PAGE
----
Schroth Therapy: A nonsurgical treatment approach for mild to moderate scoliosis


Physical Therapy for Scoliosis Patient Lucy Giele

Photo courtesy of Allen Kramer (Texas Children's Hospital)

As a physical therapist for the Schroth Therapy Program at Texas Children’s, I enjoy seeing my patients smile when they see the incredible progress they’ve made after a few therapy sessions with me. My goal as their physical therapist is to motivate, empower and encourage my patients. No matter how difficult their current circumstances may be, they can overcome any challenge with confidence.

For children and teenagers with scoliosis, physical appearance and positive body image mean everything to them. Depending on the severity of their scoliosis, a visibly curved or twisted spinal column can cause uneven shoulders, breathing difficulties, back pain and a humpback or swayback appearance. If left untreated, these conditions can get worse over time. In the most severe cases – when the curvature is greater than 50 degrees – surgery may be necessary to correct the deformity. When surgery is required, our pediatric spine specialists collaborate with neurosurgeons, pulmonologists and other specialists at Texas Children’s to coordinate care and create the best possible outcomes. But, for children with mild to moderate cases, the  collaboration with the Scoliosis and Spinal Deformity Program allows for a multidisciplinary team which aims to treat scoliosis with a non-surgical approach first.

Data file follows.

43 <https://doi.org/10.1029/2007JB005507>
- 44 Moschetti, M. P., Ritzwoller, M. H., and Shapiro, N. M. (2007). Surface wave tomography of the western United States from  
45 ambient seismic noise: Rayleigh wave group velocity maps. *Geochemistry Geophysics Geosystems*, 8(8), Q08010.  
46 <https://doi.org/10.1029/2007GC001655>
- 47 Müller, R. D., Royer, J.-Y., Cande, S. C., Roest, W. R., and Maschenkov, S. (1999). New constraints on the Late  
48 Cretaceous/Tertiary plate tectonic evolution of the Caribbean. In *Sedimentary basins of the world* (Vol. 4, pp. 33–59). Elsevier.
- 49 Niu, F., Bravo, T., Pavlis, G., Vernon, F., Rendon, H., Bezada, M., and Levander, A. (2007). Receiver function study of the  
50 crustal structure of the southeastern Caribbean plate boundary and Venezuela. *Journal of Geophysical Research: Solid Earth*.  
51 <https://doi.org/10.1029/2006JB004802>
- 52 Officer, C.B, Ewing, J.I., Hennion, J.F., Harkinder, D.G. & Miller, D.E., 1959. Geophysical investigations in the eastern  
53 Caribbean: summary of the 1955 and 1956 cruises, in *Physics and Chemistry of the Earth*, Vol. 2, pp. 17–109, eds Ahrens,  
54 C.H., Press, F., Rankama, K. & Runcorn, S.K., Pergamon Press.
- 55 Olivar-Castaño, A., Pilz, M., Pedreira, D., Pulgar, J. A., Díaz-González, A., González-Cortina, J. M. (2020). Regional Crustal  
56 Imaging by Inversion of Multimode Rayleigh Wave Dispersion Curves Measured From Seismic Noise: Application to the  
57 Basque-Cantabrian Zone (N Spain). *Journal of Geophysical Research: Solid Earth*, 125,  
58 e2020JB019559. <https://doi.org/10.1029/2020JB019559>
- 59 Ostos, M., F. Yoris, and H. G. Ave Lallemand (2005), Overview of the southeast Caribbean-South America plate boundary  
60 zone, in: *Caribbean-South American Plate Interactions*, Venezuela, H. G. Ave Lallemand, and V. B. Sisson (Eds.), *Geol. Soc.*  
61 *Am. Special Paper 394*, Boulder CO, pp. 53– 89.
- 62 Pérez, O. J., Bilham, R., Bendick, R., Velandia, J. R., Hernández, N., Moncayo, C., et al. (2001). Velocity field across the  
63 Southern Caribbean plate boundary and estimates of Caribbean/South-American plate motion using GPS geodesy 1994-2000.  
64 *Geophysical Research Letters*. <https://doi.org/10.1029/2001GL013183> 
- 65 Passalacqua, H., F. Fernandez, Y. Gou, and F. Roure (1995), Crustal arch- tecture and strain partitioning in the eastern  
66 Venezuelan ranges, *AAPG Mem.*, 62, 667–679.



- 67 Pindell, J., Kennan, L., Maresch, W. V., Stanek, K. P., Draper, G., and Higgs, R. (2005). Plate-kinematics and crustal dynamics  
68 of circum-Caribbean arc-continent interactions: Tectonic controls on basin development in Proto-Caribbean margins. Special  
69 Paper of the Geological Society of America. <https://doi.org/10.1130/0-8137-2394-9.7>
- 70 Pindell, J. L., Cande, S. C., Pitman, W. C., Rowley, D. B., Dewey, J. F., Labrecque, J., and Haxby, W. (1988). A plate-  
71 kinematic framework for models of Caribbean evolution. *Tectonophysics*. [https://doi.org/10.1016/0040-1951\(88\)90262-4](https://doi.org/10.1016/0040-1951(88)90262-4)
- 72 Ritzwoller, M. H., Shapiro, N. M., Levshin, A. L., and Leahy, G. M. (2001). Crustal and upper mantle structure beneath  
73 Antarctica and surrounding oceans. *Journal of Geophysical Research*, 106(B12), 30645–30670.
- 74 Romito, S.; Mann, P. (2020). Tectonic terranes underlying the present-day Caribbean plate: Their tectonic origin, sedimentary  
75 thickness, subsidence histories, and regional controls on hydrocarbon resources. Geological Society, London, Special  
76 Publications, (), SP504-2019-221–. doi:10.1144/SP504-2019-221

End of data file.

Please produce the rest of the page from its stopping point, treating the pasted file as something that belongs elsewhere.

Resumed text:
Collaborating with the Orthopedics team, I use Schroth-based physical therapy treatment to improve the posture of patients with scoliosis. This conservative approach uses thinking ability, muscle coordination, sensory skills and posture awareness to provide better support for the spine in patients with mild to severe curvatures. These exercises decrease the rotation and stretch in the trunk while increasing muscle strength. Ideally, we start Schroth-based exercises prior to puberty (usually age 10 for girls and 12 for boys) when their curvature and rotation is still mild and during the peak risk of spinal curve progression.

Most of my PT patients have mild to moderate scoliosis. Scoliosis severity is moderate when the Cobb angle (a measurement for spinal curvature) ranges from 20 to 40 degrees. When I first met my patient, Lucy Giele, in Nov. 2019, she had moderate idiopathic scoliosis. Her X-ray showed a 28-degree angle in her thoracic curve (middle of spine) and a 34-degree angle in her lumbar curve (bottom of spine). Prior to Schroth therapy, Lucy wore a back brace to keep her spinal curvature from progressing as she grew.

“When Lucy was 11-years old, she complained about back pain,” her mother, Agnes, said. “At first, I thought she pulled a muscle during cheerleading practice since she is very physically active. It wasn’t until she went in for an annual checkup that her doctor noticed a little bump on her back. When the bump didn’t go away, I took Lucy to an orthopedic specialist who recommended she wear a back brace to support her spine. Although she was very consistent with wearing it, her curvature was not getting better. When Lucy started seeing Dr. Brian Smith, he recommended she begin Schroth-based physical therapy with Sandra immediately. One month into Lucy’s PT, we saw immediate results. It was amazing!”